That’s the problem we have here in Argentina: There are divisions inside the press. The pro-government press will of course side with the government and say that there is a conspiracy against the government. Those who work independently consider the objective facts, and the facts are quite clear concerning the responsibility of the government in not taking care of Nisman. The independent media also covers all of the elements of Nisman’s denouncement. The fact of the matter is that everything that the government denied happened to be true. The independent press showed that to the people, and because of this we have to face provocation, defamation, and criticism by the government and the official press.
How dangerous could this be to President Kirchner? Is there danger of this bringing down the current government?
There’s no risk that this could bring down the government -- fortunately that doesn’t happen in Argentina anymore. But of course this is going to affect those candidates running for Kirchner’s party in the next election. That is indisputable. Polls are showing that the image of the government -- which was not so bad considering the whole mess with the economy -- has gone down. The positive image of the government was around 35 to 36 percent, but now it’s gone down to 22 to 23 percent.
President Kirchner has blamed Nisman's accusations and death on a conspiracy by the country's intelligence agencies. How do Argentinians view their own intelligence services, particularly in light of their history during the "Dirty War"?
People have a really huge negative view of intelligence services. People blame the government for the situation, but of course that is nothing new. This government has been in power for more than 10 years and has done nothing to improve things. Quite on the contrary, they took advantage of the dark side of the intelligence services in order to damage political leaders from the opposition. So at this moment, that’s one of the things people are quite angry at the government about. The Argentinian people have a clear notion that this is something that must be improved, and that it will take a lot of work from the next government.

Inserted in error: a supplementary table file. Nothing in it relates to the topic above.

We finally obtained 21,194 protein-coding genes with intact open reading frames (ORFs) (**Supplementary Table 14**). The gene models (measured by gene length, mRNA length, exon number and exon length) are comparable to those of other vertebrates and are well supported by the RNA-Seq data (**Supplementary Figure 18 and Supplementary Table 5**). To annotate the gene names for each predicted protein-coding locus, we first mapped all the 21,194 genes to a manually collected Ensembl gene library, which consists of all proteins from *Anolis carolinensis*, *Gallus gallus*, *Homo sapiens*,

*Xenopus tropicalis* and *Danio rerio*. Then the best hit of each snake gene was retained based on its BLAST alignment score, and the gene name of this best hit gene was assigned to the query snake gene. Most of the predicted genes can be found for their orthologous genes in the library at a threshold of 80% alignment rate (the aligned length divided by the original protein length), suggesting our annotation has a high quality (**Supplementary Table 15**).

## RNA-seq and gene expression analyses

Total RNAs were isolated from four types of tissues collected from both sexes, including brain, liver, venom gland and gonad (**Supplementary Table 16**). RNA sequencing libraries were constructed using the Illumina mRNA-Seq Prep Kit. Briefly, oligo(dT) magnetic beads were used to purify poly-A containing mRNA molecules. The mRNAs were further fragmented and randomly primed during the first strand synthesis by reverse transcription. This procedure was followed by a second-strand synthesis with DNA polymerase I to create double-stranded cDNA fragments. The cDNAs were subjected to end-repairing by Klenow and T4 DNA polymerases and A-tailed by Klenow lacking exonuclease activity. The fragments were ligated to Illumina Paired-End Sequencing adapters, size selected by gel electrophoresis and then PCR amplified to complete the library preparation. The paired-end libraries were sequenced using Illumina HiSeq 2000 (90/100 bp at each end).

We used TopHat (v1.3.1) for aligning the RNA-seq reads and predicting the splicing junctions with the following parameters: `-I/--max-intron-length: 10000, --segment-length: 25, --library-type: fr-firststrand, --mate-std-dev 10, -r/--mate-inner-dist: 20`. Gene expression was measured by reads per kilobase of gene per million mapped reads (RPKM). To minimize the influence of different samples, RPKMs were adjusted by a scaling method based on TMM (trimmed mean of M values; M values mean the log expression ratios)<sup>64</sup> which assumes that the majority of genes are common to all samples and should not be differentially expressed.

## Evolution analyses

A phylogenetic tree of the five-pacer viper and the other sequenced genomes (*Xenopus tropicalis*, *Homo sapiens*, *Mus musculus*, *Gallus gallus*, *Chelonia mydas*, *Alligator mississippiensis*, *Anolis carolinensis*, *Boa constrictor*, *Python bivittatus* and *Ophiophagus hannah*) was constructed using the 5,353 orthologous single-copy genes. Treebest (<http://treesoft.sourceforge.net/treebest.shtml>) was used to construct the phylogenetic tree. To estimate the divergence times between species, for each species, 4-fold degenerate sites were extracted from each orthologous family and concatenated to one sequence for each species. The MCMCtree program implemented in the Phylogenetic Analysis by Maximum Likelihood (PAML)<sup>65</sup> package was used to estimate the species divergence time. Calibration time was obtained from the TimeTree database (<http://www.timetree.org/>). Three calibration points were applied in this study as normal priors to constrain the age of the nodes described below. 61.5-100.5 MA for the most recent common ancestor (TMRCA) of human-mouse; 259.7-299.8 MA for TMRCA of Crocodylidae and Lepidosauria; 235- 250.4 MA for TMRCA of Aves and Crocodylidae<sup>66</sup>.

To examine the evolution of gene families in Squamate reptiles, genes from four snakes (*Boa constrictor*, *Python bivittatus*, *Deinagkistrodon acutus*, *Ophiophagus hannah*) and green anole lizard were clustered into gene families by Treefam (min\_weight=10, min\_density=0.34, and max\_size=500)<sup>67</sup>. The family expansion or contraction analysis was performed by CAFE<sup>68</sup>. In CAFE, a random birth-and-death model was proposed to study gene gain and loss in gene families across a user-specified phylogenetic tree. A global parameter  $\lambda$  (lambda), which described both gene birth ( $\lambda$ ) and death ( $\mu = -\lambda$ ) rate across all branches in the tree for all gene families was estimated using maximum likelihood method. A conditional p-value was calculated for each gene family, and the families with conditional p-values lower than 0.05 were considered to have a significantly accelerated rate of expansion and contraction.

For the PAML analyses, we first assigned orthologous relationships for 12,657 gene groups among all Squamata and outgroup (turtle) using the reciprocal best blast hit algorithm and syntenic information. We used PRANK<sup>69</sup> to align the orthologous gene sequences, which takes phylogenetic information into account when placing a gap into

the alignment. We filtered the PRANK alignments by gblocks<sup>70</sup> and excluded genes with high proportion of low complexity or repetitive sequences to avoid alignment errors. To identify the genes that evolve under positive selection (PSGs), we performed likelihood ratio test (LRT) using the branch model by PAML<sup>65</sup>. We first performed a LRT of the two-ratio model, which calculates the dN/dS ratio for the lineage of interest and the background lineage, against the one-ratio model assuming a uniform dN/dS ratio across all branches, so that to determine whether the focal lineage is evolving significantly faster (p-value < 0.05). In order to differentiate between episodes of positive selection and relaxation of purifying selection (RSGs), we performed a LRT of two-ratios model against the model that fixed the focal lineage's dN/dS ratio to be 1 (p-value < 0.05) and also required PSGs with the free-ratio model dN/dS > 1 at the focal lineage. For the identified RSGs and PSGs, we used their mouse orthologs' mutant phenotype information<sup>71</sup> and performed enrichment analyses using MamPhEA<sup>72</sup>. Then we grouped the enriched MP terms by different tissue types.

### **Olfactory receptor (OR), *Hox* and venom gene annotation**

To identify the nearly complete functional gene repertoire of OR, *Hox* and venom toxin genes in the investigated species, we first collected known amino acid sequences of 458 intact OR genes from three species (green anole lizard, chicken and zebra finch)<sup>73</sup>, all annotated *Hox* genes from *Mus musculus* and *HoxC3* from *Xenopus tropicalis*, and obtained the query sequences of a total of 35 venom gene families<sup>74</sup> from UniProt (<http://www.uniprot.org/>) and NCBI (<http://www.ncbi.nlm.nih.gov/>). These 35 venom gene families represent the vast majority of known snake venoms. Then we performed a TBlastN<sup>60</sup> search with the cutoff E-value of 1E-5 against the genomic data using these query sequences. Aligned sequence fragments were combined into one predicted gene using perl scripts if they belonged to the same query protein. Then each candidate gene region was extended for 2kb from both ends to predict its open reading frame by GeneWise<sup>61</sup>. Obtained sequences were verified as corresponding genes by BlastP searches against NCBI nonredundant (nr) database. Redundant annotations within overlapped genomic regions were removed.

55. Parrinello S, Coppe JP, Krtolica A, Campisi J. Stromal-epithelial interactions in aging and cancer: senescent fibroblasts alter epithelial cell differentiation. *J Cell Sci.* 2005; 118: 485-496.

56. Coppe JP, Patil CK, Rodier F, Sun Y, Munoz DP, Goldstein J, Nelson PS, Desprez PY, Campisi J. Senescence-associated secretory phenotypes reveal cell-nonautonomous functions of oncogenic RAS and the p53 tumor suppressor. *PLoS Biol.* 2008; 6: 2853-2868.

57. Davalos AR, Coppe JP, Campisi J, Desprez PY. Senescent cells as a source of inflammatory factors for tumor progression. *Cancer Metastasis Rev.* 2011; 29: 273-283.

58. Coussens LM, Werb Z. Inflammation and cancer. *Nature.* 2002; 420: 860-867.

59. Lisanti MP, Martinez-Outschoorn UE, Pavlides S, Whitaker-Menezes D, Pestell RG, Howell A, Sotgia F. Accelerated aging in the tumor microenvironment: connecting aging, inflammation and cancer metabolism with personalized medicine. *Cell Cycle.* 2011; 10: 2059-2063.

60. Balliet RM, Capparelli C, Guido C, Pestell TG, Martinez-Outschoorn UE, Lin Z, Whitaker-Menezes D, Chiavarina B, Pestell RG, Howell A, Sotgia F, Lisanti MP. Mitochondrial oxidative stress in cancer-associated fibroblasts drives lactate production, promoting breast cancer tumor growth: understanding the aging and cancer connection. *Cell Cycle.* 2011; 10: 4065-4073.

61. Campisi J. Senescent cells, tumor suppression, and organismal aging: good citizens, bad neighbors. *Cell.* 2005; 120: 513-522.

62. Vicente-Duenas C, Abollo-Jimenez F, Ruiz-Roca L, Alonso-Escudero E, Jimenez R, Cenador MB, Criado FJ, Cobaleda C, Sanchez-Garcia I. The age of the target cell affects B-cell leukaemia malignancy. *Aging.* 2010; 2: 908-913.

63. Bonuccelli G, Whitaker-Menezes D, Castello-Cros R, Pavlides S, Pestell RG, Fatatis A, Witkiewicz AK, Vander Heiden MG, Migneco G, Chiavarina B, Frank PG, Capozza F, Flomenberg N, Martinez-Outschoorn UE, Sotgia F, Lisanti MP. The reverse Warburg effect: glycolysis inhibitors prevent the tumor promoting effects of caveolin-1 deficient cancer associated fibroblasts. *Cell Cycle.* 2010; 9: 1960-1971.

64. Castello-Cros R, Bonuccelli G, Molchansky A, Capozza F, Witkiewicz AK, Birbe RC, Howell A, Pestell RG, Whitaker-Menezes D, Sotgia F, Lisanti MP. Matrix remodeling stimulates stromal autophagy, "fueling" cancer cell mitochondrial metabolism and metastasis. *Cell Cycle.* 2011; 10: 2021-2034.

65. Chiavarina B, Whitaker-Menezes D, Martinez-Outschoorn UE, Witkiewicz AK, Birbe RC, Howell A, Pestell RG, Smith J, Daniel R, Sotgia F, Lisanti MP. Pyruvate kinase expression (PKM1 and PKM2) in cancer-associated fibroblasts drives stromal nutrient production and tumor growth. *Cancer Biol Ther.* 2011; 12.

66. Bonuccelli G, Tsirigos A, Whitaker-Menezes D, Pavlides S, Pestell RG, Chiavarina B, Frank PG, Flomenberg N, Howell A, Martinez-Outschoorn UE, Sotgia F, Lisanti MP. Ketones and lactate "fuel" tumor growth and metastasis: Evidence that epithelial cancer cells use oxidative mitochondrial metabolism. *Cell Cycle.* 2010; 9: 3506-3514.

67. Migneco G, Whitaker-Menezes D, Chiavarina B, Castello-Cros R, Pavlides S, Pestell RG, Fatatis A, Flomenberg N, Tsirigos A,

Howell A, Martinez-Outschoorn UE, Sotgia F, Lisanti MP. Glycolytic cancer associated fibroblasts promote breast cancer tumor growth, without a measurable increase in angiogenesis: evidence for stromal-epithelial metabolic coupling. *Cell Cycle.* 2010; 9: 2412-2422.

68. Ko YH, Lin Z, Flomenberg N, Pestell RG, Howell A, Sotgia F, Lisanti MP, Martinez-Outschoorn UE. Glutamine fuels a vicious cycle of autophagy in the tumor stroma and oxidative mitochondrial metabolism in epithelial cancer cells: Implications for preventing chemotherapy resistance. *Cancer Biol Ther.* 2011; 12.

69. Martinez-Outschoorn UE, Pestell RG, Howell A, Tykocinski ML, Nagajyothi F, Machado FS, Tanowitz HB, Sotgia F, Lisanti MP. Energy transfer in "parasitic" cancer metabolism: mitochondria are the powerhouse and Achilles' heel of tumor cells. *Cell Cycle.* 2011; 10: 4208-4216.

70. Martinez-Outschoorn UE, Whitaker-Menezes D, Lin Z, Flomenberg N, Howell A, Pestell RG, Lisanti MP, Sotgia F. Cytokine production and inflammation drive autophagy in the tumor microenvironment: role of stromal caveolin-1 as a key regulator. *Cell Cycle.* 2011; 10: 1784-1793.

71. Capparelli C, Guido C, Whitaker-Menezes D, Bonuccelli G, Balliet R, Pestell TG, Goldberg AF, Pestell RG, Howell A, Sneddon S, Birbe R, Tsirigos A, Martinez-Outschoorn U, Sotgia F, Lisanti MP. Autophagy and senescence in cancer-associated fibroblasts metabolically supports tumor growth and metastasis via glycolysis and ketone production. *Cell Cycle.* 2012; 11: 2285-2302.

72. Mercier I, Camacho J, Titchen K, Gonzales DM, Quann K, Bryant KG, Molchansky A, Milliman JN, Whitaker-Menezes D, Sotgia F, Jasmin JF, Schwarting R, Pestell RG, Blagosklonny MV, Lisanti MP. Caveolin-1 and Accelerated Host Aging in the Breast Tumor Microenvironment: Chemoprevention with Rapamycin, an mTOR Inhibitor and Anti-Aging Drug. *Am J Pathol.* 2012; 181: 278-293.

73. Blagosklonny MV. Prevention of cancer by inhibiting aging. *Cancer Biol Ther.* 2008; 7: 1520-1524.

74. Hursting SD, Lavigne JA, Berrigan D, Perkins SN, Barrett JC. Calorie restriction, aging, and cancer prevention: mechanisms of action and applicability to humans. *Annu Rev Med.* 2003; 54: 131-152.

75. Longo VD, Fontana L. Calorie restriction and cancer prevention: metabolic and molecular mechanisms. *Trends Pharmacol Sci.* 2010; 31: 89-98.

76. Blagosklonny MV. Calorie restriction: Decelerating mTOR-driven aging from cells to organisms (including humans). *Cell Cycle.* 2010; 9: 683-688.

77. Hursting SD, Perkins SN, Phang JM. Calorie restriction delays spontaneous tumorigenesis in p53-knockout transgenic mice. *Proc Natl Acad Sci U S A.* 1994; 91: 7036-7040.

Paradoxically, the government is clearly affected by the situation at this moment. After having displaced the whole leadership of their intelligence services, the government is blind. It has no intelligence services at all, effectively nothing in order to face the crisis caused by Nisman’s death.
What's next for both the investigations that Nisman was carrying out, and the investigations into his death?
Analysts are convinced that the investigation led by Nisman is not going to continue -- nobody else will dare to go as far as Nisman did. So in a way, that case has been definitively ended because of Nisman’s death. The government will hugely benefit because no one will dare to take the case the way that Nisman did. Concerning the investigation of Nisman’s murder, things are a little uncertain as to whether the prosecutor who is managing the case is going to be able to solve it. So in both cases -- Nisman’s death and Nisman’s accusation -- we have the idea that impunity will prevail, unfortunately.
This interview has been edited for clarity.
More On The Scandal in Argentina: - The Unsolved Terror Attack At The Center Of Argentina's Political Crisis - Why A 1994 Terror Attack Is Still Haunting Argentina Today
Protesters gather outside the governmental palace in Buenos Aires to protest after the death of prosecutor Alberto Nisman.